Dear CR: I just read something about Pound's flirtation with spiritualism around the time he wrote this two-liner. The author, whose name I can't recall now, said that "apparition" was the operative word in the poem. Diana

Or think of these lines from 'In a Station of the Metro' :
The apparition of these faces in the crowd;
Petals on a wet, black bough.
where a comparison is not explicitly tagged to a connective
such as "like" or "as" but is implied nevertheless.
Well, as in the previous context, a poet may look at a thing
and be reminded of something. For instance,
I looked at her and thought of (was reminded of)
heaven/hell/snow/mist/clouds/a gutter/a cigarette butt
-- and so on.
Of course I imply a comparison -- but do I engage
in a figure of speech -- a simile/metaphor ?
You may say, of course. Or you might downright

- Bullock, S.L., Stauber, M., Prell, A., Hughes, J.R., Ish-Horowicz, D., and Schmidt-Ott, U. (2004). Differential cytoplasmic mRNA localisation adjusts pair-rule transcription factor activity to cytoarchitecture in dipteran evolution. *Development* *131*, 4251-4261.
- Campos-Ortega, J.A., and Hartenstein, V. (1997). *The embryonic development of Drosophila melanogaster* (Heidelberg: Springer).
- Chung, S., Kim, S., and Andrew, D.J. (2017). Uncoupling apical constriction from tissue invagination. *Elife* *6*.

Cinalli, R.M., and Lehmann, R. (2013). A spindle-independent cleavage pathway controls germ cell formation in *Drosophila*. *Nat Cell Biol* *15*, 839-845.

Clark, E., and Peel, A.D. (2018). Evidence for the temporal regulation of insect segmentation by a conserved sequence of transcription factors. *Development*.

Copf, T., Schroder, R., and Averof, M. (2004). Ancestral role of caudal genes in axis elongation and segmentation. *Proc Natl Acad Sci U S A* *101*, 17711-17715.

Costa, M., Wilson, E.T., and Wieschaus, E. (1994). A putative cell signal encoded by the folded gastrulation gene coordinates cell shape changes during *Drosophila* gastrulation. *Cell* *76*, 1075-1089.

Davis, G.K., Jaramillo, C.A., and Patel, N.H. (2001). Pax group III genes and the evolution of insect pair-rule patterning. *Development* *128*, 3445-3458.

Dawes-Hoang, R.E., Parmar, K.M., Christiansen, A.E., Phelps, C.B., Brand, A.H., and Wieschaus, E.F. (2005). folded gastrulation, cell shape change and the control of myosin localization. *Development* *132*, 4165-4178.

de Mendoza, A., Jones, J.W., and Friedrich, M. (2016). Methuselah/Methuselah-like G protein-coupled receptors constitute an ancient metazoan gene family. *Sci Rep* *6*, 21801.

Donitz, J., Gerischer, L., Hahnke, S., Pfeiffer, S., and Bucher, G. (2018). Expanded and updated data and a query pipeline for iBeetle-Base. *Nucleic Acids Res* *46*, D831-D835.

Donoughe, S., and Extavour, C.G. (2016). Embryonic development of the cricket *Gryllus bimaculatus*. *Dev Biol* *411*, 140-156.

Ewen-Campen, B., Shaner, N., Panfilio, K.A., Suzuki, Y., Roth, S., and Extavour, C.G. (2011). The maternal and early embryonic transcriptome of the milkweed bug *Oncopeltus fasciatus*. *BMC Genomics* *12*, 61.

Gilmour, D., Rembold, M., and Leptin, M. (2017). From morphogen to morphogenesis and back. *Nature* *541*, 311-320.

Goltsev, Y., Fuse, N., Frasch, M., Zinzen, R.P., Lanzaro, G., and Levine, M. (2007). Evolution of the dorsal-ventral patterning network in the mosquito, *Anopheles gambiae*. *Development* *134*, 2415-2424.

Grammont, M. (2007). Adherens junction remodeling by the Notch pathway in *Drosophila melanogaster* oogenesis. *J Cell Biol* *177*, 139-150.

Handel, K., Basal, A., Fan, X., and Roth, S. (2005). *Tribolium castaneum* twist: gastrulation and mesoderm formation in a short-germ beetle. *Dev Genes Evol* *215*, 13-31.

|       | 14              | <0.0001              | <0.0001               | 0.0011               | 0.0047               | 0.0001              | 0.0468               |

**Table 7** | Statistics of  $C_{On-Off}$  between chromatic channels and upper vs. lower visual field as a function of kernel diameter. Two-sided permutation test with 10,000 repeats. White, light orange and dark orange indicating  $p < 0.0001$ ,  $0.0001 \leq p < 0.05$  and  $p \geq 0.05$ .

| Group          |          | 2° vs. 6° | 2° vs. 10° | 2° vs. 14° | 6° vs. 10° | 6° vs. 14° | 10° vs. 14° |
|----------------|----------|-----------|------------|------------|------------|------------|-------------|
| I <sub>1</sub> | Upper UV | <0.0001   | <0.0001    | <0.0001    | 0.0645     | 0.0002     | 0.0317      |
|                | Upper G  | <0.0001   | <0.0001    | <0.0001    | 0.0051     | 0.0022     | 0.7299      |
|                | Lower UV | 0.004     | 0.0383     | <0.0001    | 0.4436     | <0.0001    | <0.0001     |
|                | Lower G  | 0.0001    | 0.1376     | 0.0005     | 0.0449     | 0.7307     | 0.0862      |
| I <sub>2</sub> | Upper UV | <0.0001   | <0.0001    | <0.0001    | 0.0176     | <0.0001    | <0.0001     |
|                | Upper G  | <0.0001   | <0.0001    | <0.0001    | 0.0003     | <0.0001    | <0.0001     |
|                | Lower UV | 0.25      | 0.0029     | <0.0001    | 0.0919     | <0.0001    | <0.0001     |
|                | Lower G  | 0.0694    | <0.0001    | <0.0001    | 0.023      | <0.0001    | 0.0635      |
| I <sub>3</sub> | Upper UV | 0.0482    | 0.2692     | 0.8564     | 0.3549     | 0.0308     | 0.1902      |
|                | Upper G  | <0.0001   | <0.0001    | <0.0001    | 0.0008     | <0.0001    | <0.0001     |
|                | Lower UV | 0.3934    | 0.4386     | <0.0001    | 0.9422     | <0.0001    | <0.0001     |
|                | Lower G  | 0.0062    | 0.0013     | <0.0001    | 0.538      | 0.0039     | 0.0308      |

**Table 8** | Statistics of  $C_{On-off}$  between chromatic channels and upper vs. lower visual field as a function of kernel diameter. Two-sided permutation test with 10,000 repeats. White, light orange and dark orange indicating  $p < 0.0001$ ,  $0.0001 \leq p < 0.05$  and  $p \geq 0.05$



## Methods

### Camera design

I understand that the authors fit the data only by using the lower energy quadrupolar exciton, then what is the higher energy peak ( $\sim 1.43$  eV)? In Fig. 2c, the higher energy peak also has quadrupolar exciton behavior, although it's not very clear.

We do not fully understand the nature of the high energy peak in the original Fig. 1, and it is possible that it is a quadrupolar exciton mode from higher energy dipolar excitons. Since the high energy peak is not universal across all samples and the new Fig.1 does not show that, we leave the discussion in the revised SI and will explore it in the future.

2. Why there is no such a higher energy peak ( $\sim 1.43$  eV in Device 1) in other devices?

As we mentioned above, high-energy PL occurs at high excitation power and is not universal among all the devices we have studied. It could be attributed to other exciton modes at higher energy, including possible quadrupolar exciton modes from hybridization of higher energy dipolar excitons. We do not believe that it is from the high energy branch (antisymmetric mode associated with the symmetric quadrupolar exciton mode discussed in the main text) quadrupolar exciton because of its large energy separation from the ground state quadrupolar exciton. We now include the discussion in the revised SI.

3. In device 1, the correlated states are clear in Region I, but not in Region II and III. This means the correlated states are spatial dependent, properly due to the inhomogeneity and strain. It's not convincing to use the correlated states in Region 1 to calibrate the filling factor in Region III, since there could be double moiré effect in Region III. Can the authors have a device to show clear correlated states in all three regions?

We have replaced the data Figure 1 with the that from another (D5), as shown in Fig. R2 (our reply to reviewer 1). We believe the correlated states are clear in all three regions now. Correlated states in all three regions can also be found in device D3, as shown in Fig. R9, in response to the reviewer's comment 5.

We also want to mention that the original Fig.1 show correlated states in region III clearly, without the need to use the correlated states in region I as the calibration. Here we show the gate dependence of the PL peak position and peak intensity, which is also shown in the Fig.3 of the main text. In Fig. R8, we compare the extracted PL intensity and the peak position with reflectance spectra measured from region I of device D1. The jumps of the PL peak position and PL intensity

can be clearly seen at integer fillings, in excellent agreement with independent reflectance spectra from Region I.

dismiss me as one indulging in irrelevance !

Chokh Raj <[log in to unmask]> wrote:
just an observation
While reading 'Mr. Apollinax', I came upon this oblique way of comparison
which is akin to both a simile and a metaphor:
WHEN Mr. Apollinax visited the United States
His laughter tinkled among the teacups.
I thought.../ ...of Priapus in the shrubbery
Gaping at the lady in the swing.
I heard the beat of centaur's hoofs over the hard turf
As his dry and passionate talk devoured the afternoon. 
I wonder if we can categorize these instances of comparison
as similes/metaphors.  And if we do, to which figure of speech
do they belong?
Any opinion?  Thanks.

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